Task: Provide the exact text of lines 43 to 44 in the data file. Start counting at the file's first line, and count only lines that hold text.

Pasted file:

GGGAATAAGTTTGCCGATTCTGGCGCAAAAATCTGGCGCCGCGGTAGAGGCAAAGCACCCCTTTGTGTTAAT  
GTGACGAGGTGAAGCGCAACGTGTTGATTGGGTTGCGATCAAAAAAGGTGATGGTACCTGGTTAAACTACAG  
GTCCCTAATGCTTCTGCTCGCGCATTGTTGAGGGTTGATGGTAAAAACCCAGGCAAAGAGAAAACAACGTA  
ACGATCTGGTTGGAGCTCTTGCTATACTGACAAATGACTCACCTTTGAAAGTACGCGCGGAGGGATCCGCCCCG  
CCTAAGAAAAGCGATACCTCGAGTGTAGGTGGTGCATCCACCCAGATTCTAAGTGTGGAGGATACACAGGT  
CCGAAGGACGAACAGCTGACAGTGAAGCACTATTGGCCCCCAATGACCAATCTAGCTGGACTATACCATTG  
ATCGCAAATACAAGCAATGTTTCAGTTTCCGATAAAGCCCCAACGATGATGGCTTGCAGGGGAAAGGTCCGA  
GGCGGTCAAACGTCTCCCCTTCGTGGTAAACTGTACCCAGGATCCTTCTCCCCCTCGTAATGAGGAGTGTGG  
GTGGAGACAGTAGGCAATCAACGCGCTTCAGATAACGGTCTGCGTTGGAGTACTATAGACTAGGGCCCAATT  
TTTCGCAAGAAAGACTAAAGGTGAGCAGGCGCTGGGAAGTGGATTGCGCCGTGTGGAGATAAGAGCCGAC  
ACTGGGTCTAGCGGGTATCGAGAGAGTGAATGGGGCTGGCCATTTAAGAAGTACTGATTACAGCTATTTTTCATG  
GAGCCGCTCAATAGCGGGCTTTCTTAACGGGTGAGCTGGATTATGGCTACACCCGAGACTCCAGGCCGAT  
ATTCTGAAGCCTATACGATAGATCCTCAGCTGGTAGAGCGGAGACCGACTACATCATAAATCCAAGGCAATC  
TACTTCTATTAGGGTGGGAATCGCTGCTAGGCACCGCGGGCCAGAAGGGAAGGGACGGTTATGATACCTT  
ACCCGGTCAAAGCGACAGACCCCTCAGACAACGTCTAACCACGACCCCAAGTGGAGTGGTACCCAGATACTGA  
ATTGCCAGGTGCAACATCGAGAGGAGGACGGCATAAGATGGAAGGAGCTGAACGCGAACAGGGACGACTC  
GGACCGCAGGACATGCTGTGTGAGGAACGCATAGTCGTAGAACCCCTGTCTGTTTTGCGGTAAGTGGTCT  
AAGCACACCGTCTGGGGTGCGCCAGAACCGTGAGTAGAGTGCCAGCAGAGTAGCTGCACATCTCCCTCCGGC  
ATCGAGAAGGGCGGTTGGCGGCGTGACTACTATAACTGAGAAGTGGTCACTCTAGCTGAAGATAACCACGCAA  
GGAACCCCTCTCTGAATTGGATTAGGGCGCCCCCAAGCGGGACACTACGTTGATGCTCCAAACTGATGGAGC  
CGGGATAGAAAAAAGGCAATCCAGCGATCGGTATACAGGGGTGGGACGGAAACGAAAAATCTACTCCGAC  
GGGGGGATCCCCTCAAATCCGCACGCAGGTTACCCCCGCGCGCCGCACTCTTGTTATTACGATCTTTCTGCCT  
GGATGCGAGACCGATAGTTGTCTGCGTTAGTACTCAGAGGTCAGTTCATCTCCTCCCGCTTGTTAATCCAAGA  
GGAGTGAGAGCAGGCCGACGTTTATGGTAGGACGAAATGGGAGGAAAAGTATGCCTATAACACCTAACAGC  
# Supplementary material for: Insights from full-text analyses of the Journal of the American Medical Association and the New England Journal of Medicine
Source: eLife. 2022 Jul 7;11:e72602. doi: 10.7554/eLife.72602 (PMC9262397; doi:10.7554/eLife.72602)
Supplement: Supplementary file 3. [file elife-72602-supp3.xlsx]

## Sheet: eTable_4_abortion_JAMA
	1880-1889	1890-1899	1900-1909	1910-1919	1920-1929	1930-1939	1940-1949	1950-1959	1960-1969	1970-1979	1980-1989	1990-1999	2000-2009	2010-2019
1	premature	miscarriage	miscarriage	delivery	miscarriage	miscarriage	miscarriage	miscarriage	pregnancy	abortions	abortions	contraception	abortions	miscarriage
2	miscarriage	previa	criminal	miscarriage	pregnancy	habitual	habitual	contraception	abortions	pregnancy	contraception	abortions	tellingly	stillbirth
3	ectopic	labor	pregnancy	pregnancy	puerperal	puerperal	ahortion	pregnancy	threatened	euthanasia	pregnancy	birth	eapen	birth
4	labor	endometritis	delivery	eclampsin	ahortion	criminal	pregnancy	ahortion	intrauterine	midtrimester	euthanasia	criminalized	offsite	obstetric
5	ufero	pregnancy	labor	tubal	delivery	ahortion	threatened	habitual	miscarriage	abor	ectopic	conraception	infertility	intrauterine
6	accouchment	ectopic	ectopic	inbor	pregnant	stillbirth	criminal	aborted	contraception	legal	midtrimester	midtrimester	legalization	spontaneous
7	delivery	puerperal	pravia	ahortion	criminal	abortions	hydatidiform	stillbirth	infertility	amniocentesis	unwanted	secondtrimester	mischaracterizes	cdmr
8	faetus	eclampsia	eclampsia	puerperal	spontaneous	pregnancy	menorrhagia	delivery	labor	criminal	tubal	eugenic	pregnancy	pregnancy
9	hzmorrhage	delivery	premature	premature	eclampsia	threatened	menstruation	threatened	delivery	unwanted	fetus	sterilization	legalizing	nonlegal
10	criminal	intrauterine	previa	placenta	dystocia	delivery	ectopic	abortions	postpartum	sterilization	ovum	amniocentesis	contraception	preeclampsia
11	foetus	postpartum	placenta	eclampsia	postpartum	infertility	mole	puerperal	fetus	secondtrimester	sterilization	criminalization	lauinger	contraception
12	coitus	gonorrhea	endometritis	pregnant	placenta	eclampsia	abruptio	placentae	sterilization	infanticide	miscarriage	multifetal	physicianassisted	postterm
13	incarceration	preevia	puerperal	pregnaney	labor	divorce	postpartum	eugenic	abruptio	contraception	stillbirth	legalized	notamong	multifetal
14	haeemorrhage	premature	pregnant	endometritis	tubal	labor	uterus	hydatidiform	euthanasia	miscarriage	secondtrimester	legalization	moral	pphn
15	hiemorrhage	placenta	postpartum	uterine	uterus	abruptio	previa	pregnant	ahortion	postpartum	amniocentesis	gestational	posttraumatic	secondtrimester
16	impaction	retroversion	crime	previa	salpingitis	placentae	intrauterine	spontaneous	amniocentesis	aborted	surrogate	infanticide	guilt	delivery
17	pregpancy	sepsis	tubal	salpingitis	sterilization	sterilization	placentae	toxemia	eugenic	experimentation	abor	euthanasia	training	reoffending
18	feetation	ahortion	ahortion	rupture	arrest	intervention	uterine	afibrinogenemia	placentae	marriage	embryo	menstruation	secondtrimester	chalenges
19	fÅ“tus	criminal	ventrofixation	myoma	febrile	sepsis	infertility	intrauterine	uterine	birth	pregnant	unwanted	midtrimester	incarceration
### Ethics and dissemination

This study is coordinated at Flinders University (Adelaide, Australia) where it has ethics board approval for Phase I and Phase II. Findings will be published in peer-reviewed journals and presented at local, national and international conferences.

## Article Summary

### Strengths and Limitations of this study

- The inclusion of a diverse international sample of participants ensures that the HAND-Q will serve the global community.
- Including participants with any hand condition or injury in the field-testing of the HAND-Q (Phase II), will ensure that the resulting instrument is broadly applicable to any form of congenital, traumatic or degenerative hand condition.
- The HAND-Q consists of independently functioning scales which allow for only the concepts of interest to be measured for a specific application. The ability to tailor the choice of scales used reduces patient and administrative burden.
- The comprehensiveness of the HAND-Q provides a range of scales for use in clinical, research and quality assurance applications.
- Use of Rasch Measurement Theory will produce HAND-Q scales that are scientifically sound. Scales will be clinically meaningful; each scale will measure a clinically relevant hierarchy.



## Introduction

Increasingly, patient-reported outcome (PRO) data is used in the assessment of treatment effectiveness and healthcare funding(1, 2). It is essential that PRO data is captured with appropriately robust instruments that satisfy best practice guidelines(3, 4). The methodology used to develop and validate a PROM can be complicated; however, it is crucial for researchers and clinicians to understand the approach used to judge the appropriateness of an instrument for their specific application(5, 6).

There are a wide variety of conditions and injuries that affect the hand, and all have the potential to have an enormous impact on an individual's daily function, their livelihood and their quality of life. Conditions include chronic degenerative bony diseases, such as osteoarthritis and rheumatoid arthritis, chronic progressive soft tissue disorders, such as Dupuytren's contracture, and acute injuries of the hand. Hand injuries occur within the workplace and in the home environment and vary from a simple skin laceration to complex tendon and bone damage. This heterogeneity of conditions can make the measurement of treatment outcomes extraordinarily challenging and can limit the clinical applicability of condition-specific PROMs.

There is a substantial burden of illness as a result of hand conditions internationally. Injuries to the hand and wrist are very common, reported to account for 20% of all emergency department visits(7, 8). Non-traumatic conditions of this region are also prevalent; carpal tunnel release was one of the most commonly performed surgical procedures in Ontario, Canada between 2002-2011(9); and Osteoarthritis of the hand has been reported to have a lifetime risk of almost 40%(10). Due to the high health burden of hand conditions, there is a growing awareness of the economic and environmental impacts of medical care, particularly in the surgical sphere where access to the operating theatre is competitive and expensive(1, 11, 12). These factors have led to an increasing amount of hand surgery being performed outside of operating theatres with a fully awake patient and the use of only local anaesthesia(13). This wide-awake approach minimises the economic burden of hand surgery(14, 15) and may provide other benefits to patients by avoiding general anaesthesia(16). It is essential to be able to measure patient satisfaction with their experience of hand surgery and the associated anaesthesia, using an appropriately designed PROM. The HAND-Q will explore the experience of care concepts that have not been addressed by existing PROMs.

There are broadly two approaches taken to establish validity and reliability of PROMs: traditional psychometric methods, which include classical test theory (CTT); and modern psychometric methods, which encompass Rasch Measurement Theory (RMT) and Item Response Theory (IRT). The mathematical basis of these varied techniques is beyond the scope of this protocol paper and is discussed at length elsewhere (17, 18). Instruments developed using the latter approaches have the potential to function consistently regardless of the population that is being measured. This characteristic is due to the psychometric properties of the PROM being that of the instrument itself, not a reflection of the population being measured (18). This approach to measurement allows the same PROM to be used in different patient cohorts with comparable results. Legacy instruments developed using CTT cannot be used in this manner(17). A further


14	haeemorrhage	premature	pregnant	endometritis	tubal	labor	uterus	hydatidiform	euthanasia	miscarriage	secondtrimester	legalization	moral	pphn
15	hiemorrhage	placenta	postpartum	uterine	uterus	abruptio	previa	pregnant	ahortion	postpartum	amniocentesis	gestational	posttraumatic	secondtrimester